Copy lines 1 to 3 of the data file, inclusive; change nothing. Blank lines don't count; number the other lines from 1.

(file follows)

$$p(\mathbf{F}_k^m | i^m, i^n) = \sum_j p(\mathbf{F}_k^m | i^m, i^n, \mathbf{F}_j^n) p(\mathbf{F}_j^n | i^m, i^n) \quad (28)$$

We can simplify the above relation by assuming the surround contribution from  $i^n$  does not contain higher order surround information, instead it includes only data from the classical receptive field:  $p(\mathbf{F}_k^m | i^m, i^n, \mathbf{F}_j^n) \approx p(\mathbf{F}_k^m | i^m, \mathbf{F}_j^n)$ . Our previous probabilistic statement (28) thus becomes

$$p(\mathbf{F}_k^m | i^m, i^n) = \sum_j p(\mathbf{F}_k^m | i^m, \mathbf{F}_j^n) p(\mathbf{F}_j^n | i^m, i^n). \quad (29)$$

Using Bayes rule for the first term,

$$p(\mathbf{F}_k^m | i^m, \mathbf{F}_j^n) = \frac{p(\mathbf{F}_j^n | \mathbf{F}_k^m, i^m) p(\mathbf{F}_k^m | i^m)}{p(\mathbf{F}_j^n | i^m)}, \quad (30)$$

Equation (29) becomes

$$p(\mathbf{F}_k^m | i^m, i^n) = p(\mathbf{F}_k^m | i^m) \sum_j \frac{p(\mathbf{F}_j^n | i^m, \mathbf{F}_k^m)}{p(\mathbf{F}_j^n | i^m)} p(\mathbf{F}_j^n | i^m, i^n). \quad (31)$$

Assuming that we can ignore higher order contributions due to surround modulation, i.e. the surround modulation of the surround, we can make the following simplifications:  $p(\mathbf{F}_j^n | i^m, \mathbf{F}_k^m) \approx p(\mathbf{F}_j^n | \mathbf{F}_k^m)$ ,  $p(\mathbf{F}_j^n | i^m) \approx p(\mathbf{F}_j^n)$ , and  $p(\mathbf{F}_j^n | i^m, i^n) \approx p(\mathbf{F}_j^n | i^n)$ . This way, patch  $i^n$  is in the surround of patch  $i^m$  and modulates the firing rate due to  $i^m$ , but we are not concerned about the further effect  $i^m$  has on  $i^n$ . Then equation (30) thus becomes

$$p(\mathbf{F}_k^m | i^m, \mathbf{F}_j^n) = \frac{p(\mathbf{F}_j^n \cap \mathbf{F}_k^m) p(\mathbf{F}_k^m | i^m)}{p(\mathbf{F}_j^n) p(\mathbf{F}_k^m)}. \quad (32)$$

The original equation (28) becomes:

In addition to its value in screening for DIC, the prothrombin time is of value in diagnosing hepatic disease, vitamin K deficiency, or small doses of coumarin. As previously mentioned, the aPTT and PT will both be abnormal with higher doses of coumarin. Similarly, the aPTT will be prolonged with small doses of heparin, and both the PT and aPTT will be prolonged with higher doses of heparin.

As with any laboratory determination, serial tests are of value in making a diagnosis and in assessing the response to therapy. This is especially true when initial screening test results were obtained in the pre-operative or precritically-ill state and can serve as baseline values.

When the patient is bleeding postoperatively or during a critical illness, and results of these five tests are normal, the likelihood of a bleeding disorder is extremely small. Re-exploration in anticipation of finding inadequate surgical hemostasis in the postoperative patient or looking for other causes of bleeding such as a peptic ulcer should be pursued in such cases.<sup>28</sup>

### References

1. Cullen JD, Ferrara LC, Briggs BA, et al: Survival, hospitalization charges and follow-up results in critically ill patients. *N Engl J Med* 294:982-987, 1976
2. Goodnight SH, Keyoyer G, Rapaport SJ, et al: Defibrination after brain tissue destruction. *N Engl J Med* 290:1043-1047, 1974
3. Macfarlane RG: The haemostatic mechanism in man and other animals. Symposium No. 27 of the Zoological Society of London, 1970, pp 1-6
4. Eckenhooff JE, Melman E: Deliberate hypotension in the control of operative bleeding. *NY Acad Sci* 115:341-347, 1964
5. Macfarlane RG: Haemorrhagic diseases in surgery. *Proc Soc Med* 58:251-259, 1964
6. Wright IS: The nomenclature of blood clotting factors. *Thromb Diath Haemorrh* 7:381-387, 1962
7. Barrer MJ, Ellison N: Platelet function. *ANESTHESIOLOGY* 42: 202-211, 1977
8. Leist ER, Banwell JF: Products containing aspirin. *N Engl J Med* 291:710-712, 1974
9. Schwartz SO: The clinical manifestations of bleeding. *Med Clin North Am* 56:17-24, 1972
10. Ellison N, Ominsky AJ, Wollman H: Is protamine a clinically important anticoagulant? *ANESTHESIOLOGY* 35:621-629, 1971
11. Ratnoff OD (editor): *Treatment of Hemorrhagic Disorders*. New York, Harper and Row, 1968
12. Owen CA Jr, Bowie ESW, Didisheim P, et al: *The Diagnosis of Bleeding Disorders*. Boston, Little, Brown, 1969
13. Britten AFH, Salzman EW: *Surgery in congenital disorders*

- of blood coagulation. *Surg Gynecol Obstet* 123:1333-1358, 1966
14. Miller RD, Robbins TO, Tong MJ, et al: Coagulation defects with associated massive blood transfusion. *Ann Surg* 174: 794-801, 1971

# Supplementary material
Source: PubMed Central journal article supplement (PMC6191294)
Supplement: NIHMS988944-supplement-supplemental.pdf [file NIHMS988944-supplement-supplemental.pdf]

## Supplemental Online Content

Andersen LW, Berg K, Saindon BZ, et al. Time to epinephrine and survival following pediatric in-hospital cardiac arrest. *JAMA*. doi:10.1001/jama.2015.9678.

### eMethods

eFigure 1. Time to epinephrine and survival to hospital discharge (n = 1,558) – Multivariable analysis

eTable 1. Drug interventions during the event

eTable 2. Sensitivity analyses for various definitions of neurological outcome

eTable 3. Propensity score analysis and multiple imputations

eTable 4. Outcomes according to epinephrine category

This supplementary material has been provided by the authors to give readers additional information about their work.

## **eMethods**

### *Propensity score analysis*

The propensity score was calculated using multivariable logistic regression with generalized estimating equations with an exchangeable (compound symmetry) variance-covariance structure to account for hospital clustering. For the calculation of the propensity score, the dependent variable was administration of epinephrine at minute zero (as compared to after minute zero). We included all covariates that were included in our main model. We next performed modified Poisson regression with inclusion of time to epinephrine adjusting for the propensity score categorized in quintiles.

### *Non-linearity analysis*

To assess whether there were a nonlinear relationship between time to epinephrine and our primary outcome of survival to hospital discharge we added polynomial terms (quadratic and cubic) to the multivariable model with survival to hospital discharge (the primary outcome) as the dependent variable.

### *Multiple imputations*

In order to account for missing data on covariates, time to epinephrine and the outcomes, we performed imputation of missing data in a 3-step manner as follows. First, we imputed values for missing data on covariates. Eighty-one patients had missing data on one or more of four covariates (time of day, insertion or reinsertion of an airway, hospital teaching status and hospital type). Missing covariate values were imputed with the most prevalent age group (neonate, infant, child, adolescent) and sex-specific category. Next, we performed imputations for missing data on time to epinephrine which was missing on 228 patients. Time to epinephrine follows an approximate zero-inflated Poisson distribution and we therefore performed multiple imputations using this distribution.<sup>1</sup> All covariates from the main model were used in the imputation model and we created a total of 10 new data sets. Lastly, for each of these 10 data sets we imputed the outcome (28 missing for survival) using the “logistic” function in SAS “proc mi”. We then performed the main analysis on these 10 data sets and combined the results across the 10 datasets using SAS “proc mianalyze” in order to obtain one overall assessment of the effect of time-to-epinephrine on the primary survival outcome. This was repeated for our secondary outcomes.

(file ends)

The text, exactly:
$$p(\mathbf{F}_k^m | i^m, i^n) = \sum_j p(\mathbf{F}_k^m | i^m, i^n, \mathbf{F}_j^n) p(\mathbf{F}_j^n | i^m, i^n) \quad (28)$$

We can simplify the above relation by assuming the surround contribution from  $i^n$  does not contain higher order surround information, instead it includes only data from the classical receptive field:  $p(\mathbf{F}_k^m | i^m, i^n, \mathbf{F}_j^n) \approx p(\mathbf{F}_k^m | i^m, \mathbf{F}_j^n)$ . Our previous probabilistic statement (28) thus becomes

$$p(\mathbf{F}_k^m | i^m, i^n) = \sum_j p(\mathbf{F}_k^m | i^m, \mathbf{F}_j^n) p(\mathbf{F}_j^n | i^m, i^n). \quad (29)$$